Writer: Ayeen Forootan
Don’t Say Its Name
Following the release of last year’s Blood Quantum, Rueben Martell’s Don’t Say Its Name is a welcome addition to the still-small genre of Indigenous horror. Here, a community in the mountains of Northern Canada is besieged by a violent specter that attacks its victims without warning and leaves a trail of bloody, eviscerated bodies in its wake. Beginning with a (seemingly unrelated) hit-and-run that leaves local activist Kharis Redwater (Sheena Kaine) dead, Officer Betty Stonechild (Madison Walsh) has to break the news to Kharis’ bereaved mother, Mary Lynne (Carla Fox). Betty already has her hands full dealing with her teenage nephew, Ben (Samuel Marty), and a well-meaning white cop named Andy (Justin Lewis) who has access to lab facilities that the tiny tribal department doesn’t. But before Kharis’ body has even been buried, a young couple is attacked in the middle of the woods. The woman, a surveyor for mining company WEC, has been ripped open, and her fiancé is in shock, claiming he saw and heard nothing except for geysers of blood. Betty has been around domestic violence for her entire life, and is ready to chalk it up to a case of a drunk man abusing his girlfriend. Soon, however, there’s another attack, this time targeting a male victim. His girlfriend says the same thing as before — no warning, no sound, an apparently invisible killer. At this point, Betty decides she needs some help, and so she deputizes Stacey Cole (Sera-Lys McArthur), a local game warden and former soldier suffering from PTSD after her time in Afghanistan. Stacey seems to have some idea about what’s going on, but fearful that Betty won’t accept something supernatural in origin, she approaches her uncle, Carson Stonefeather (Julian Black Antelope). Carson is also a town elder, a believer in legends and folklore, and he and Stacey set out to catch or kill this ghostly predator. The film’s plot alternates between police procedural, as Betty investigates the initial hit-and-run and how it ties in with WEC’s underhanded mining efforts, and ghost story, as Stacey and Carson realize they’ve gone up against more than they can handle.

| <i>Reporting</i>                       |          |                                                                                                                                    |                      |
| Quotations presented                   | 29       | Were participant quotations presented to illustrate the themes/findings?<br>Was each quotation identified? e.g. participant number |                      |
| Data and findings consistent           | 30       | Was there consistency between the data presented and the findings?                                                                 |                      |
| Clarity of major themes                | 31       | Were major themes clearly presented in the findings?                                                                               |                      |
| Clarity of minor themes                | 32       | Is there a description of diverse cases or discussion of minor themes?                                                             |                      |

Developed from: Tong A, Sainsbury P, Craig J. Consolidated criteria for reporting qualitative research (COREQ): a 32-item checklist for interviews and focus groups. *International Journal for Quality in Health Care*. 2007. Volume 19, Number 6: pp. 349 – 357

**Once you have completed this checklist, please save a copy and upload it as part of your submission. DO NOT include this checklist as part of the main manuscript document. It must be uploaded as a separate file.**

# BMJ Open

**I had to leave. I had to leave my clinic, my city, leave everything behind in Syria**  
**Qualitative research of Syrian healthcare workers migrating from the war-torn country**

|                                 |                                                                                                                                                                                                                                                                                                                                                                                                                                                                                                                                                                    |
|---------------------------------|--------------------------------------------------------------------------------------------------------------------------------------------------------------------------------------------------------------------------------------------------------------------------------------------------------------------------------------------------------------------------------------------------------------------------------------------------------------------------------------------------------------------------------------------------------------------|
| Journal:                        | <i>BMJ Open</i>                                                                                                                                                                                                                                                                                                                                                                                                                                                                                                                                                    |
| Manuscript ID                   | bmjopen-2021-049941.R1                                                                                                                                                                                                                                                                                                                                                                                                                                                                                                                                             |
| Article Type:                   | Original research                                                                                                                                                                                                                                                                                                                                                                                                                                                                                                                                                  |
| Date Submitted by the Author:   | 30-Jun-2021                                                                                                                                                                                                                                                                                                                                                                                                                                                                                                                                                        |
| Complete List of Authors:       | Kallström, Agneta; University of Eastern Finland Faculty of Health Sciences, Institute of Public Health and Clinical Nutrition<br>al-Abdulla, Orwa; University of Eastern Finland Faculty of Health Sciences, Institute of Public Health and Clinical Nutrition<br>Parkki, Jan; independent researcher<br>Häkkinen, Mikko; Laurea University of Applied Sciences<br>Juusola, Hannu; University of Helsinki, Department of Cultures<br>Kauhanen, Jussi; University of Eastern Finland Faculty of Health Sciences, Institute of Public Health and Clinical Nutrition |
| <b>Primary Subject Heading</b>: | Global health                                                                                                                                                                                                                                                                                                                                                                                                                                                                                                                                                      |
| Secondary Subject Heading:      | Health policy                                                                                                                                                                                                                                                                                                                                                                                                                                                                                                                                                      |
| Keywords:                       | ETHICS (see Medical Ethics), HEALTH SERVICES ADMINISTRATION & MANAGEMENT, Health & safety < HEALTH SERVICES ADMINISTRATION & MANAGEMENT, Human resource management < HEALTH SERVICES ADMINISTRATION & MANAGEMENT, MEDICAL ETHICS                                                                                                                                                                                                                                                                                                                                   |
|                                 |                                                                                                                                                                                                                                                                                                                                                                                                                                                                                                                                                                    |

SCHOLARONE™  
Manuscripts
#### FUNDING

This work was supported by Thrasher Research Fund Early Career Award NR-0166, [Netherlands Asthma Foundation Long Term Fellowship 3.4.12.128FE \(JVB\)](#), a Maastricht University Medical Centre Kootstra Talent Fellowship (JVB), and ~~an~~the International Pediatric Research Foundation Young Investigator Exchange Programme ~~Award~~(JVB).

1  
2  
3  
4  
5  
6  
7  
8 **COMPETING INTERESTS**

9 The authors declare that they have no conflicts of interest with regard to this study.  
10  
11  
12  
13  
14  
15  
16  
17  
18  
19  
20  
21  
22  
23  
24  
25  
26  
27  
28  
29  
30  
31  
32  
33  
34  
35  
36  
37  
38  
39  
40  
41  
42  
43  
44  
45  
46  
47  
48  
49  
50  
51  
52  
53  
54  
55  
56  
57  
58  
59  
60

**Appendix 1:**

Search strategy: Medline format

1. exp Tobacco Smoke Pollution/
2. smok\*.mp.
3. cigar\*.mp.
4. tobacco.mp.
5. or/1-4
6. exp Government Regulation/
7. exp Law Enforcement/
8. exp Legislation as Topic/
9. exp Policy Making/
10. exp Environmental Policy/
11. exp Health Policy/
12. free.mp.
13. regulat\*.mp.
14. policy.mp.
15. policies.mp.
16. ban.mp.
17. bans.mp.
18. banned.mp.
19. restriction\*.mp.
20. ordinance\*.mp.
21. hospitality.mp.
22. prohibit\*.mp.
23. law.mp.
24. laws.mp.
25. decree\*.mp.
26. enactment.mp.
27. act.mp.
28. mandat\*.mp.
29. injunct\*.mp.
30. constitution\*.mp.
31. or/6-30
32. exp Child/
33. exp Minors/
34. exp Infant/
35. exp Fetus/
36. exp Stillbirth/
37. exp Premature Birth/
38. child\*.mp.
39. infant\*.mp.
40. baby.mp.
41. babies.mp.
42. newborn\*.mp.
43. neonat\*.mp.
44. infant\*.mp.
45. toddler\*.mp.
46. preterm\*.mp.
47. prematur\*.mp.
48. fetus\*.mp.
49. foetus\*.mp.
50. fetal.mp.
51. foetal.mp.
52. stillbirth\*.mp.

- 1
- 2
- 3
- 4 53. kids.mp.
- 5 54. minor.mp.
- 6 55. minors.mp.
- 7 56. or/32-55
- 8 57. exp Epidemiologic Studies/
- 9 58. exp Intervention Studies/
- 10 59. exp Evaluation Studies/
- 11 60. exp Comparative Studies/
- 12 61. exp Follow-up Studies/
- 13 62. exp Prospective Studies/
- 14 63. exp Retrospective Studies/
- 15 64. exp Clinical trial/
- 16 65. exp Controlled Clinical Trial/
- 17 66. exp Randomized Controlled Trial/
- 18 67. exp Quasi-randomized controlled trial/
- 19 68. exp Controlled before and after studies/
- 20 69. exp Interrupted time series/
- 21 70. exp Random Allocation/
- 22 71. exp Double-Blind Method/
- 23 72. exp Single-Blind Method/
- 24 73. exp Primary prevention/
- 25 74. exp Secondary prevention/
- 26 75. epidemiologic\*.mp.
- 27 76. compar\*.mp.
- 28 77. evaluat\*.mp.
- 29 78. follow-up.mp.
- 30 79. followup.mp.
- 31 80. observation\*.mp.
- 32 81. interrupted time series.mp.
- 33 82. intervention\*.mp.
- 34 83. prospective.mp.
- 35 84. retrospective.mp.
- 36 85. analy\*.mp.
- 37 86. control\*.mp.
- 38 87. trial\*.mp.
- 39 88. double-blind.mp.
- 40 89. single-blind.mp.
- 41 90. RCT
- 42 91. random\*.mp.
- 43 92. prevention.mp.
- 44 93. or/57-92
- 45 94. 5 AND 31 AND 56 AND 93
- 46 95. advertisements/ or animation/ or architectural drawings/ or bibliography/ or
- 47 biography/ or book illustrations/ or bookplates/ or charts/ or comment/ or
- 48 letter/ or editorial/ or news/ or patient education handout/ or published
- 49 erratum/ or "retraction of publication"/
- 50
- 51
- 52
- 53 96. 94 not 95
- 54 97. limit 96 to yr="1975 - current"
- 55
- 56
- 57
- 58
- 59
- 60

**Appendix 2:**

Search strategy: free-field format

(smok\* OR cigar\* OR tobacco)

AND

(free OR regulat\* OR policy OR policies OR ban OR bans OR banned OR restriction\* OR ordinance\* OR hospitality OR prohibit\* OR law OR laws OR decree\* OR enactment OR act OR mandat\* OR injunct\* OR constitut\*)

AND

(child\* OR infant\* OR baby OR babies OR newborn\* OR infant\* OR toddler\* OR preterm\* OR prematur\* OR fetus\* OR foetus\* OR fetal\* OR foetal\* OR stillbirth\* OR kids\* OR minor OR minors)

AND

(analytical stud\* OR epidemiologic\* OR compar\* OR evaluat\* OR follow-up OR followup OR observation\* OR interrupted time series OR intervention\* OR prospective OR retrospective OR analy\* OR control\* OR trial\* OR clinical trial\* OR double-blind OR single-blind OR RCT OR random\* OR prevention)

It’s all engrossing enough, despite some bumps along the way. The screenplay in particular is occasionally rough, as characters tend to speak in unnatural sounding declarative sentences and shoehorn in awkward exposition (it’s the kind of film where characters will state their relationships to each other solely for the benefit of the audience). It’s mostly a good-looking film, with a few awkward stylistic flourishes that detract more than they add, like Stacey’s PTSD being visualized via wailing electric guitar solos and the sounds of helicopters on the soundtrack. And it doesn’t take a genre expert to figure out where the story is heading long before it gets there. Still, there’s much to like as well: Walsh and McArthur make for appealing leads, both no-nonsense, take-no-shit professionals who square off with danger without hesitation, there’s ample gore on display, and at least one exquisitely timed jump-scare. It’s a unique and fully-realized milieu, chock full of realistic, lived-in detail. When communities ask for more inclusive films, this is the kind of thing they’re talking about, where the specificity of the lives behind and in front of the camera adds texture to otherwise run-of-the-mill creature features. So much so in fact that one can imagine a straightforward, dramatic version of the film, where a put-upon local cop must deal with shady corporations, implicit and explicit racism, and white folks butting in where they’re not wanted. It’s a small film, certainly, but Don’t Say Its Name speaks to the great potential out there when boundaries are pushed and horizons expanded.
Writer: Daniel Gorman